Materials and Methods

100 HCWs (60 doctors and 40 nurses) working in paediatric ICU and nursery of Kalawati Saran Children Hospital, New Delhi were recruited in study. The Hospital Ethical Clearance Committee approved the study protocol. Samples were collected and processed as given by Pittet et al. [2]. Fingertip impressions (hand washing followed by hand disinfectant prior to patient care and after patient care without hand disinfectant) were taken directly on Blood agar and MacConkey agar plates from each participant after obtaining informed consent. Plates were incubated at 37ºC overnight, and were examined for bacterial growth after 24 hours. The microorganisms were identified using standard procedures [5]. Antibiotic susceptibility testing of isolated organisms was done by Kirby Bauer disk diffusion method. Out of total isolates, methicillin resistant Staphylococcus aureus (MRSA) were also detected by using Mueller Hinton agar with 30 μg cefoxitin and 1μg oxacillin disk following CLSI guidelines [6]. Bacterial strains isolated from 311 cultures positive patient samples of paediatric ICU and nursery during study period, were used as reference for correlation. All the experiments were repeated three times to confirm the reproducibility of experiments, and results were analysed statistically by Student’s t test using SPSS 11.05.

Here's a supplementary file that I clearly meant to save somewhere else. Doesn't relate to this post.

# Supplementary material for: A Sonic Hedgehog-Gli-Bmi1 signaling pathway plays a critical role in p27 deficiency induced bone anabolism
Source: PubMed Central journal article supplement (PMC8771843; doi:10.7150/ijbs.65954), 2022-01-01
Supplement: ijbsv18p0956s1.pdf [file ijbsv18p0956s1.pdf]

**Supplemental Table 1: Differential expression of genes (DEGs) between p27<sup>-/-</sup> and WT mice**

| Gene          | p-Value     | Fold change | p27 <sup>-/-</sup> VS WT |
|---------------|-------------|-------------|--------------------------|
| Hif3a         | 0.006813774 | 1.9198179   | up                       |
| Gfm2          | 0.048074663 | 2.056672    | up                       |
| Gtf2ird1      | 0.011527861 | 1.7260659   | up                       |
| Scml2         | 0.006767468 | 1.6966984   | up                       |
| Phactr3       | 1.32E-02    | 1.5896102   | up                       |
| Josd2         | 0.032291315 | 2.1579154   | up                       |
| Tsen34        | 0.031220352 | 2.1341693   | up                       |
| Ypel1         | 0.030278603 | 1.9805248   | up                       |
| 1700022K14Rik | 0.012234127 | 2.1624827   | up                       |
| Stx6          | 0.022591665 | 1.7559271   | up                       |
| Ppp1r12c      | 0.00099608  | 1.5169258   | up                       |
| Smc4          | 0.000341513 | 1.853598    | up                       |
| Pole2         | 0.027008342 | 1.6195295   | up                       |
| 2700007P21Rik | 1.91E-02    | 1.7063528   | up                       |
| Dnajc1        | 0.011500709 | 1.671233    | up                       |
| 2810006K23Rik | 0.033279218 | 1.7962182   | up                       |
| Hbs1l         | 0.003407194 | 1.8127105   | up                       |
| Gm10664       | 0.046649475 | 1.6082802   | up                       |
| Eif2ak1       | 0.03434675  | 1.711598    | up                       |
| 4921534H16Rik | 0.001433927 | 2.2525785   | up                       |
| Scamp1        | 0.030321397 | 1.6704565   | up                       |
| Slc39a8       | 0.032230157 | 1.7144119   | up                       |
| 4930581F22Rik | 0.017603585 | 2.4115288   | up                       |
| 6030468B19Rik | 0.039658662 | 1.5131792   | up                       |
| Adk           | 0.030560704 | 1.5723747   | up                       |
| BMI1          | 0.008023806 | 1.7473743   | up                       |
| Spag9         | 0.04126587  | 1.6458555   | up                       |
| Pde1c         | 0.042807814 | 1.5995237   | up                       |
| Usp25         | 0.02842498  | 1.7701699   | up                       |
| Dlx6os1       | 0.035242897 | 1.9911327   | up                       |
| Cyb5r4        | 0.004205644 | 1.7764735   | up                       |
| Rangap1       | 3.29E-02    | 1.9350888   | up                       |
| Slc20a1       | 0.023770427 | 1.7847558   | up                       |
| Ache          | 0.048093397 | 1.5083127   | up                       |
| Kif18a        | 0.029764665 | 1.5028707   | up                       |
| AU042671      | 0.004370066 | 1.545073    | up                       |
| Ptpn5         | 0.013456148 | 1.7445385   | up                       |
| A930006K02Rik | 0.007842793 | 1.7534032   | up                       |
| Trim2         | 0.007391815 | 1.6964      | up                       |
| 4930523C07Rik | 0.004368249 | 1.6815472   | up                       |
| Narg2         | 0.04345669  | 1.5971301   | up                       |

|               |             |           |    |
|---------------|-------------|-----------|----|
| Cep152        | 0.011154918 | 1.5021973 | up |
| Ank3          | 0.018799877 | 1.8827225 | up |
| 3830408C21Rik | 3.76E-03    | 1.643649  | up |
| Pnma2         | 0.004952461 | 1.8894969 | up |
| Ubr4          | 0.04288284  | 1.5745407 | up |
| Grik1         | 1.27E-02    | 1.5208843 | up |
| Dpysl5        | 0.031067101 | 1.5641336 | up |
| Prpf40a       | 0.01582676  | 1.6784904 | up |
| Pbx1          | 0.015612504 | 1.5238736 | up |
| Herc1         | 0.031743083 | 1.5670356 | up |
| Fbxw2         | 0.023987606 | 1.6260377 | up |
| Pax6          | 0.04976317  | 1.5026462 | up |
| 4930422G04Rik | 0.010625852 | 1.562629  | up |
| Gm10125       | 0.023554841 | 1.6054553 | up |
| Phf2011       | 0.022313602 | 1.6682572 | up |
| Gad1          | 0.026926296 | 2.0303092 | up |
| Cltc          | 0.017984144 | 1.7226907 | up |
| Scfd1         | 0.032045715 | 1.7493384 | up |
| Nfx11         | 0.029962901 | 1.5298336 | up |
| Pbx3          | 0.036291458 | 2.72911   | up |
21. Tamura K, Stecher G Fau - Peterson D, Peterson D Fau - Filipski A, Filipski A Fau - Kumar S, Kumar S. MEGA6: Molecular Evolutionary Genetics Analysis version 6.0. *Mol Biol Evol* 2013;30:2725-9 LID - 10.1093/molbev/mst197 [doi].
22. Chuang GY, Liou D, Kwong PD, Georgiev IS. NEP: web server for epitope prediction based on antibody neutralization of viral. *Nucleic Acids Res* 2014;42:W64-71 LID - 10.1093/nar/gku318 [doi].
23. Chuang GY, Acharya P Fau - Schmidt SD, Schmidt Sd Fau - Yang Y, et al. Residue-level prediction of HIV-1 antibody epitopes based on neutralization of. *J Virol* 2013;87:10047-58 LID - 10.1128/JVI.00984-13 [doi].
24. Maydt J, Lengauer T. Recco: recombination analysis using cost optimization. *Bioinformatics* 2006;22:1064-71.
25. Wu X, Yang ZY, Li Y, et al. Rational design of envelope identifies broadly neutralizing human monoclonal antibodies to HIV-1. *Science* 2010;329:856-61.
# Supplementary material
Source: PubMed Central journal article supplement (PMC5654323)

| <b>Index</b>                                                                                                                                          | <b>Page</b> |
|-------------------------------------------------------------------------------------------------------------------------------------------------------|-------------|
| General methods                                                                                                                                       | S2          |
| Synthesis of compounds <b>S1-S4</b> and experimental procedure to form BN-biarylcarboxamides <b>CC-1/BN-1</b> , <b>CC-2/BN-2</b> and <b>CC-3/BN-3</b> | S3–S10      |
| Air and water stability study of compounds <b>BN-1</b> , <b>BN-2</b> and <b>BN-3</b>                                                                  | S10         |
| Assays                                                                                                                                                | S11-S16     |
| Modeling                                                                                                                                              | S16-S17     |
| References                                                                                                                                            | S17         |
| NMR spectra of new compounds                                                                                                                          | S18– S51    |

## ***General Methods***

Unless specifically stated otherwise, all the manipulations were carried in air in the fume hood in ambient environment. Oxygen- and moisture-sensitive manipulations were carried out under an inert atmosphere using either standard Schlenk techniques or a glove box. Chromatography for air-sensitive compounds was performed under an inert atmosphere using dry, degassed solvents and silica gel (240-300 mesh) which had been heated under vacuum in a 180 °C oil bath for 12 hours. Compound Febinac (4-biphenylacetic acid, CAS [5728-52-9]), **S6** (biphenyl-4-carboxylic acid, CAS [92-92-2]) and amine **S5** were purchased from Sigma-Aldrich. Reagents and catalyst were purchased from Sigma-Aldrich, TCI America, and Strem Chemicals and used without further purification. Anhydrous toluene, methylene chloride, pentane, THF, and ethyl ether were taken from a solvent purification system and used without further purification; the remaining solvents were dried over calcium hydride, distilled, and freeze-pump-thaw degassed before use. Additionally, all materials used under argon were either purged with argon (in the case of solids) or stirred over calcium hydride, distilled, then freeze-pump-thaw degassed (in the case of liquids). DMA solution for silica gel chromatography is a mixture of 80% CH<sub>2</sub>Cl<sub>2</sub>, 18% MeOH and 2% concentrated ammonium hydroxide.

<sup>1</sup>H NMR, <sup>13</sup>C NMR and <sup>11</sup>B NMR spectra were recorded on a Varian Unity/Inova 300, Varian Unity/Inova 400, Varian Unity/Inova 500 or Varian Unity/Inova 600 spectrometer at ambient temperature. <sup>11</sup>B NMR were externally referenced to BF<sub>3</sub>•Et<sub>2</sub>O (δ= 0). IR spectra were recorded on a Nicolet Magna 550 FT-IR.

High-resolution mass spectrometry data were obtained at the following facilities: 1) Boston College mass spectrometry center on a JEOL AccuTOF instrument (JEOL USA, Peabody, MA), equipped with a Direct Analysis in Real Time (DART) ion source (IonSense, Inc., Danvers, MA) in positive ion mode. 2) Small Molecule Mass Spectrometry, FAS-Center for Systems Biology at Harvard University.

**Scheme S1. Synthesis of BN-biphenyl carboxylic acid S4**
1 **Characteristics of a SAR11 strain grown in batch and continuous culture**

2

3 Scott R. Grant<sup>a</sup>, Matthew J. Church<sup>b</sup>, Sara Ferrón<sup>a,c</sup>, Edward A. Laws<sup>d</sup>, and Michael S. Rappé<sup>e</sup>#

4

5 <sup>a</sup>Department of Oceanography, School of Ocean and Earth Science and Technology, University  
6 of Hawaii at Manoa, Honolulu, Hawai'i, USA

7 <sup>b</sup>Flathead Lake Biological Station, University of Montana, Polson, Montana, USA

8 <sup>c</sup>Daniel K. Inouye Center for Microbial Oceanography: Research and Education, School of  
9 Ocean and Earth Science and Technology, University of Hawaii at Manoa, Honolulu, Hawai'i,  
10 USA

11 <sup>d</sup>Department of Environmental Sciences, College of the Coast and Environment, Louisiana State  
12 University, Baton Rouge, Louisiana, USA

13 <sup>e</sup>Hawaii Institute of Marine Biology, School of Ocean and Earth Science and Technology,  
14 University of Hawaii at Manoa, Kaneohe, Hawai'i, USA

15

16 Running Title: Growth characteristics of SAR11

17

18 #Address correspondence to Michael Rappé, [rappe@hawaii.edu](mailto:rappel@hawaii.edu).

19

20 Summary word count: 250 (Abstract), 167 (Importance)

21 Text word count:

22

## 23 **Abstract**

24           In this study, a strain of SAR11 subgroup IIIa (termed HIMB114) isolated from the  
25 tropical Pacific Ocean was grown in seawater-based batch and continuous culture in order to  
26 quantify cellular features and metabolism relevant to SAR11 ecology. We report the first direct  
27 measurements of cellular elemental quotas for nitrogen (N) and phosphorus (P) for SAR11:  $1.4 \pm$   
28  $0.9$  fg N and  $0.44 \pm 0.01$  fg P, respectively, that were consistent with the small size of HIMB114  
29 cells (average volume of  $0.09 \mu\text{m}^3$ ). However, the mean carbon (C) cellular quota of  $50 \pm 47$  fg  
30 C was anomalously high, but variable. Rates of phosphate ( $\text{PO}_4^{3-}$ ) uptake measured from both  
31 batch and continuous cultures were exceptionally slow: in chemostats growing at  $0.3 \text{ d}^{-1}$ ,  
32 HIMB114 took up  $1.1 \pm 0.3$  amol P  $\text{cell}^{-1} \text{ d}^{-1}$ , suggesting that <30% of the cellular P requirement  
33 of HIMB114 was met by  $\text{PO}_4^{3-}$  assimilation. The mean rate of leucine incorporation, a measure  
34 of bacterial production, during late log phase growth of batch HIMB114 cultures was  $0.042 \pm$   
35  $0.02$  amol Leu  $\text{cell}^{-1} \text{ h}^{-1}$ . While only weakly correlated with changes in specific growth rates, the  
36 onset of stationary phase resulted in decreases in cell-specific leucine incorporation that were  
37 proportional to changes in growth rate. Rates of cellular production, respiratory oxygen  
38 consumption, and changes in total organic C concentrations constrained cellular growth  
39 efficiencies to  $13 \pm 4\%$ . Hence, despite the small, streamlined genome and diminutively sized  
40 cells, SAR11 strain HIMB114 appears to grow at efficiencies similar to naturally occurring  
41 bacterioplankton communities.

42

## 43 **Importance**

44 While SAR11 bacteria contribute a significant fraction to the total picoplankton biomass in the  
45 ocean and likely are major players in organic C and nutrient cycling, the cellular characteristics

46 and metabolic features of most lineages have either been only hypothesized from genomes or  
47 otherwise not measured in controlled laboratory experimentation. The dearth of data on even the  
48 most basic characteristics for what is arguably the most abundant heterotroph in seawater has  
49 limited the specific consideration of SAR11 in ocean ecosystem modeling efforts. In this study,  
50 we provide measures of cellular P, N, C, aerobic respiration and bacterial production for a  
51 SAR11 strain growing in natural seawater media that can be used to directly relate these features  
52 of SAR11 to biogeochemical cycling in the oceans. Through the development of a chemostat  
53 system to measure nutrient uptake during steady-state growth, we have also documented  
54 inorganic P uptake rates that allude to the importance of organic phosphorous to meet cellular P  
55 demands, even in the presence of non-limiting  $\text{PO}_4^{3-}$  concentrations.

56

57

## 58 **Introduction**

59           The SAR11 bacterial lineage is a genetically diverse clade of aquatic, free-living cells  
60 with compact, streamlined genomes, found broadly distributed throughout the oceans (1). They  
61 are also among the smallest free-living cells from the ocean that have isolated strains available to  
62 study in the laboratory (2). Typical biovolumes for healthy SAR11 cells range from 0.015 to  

Fingertip impressions after applying hand disinfectant prior to patient care did not showed any microbial growth. However, significantly high number of samples after patient cares without hand disinfectant, harboured different types of microorganisms (p ≤ 0.01). Hands of doctors (66.6%) were found to be more contaminated than that of nurses (33.3%) from the same ward (p ≤ 0.01). Staphylococcus spp (83.3%) was the most common isolate. Coagulase negative Staphylococcusspp were isolated from 44 (73.3%) and S. aureus from 6 (10%) cases (Table 1). 3 out of 6 S. aureus were found to be MRSA and out of 4 Enterococcus spp isolated, 1 was found to be vancomycin resistant (VRE). Acinetobacter 4 (6.6%) was the predominant Gramnegative bacteria followed by E. coli 2 (3.3%). 50% of Acinetobacter were resistant to commonly used antibiotics such as ciprofloxacin, gentamicin, erythromycin, ceftazidime, imipenim and amikacin (Table 2).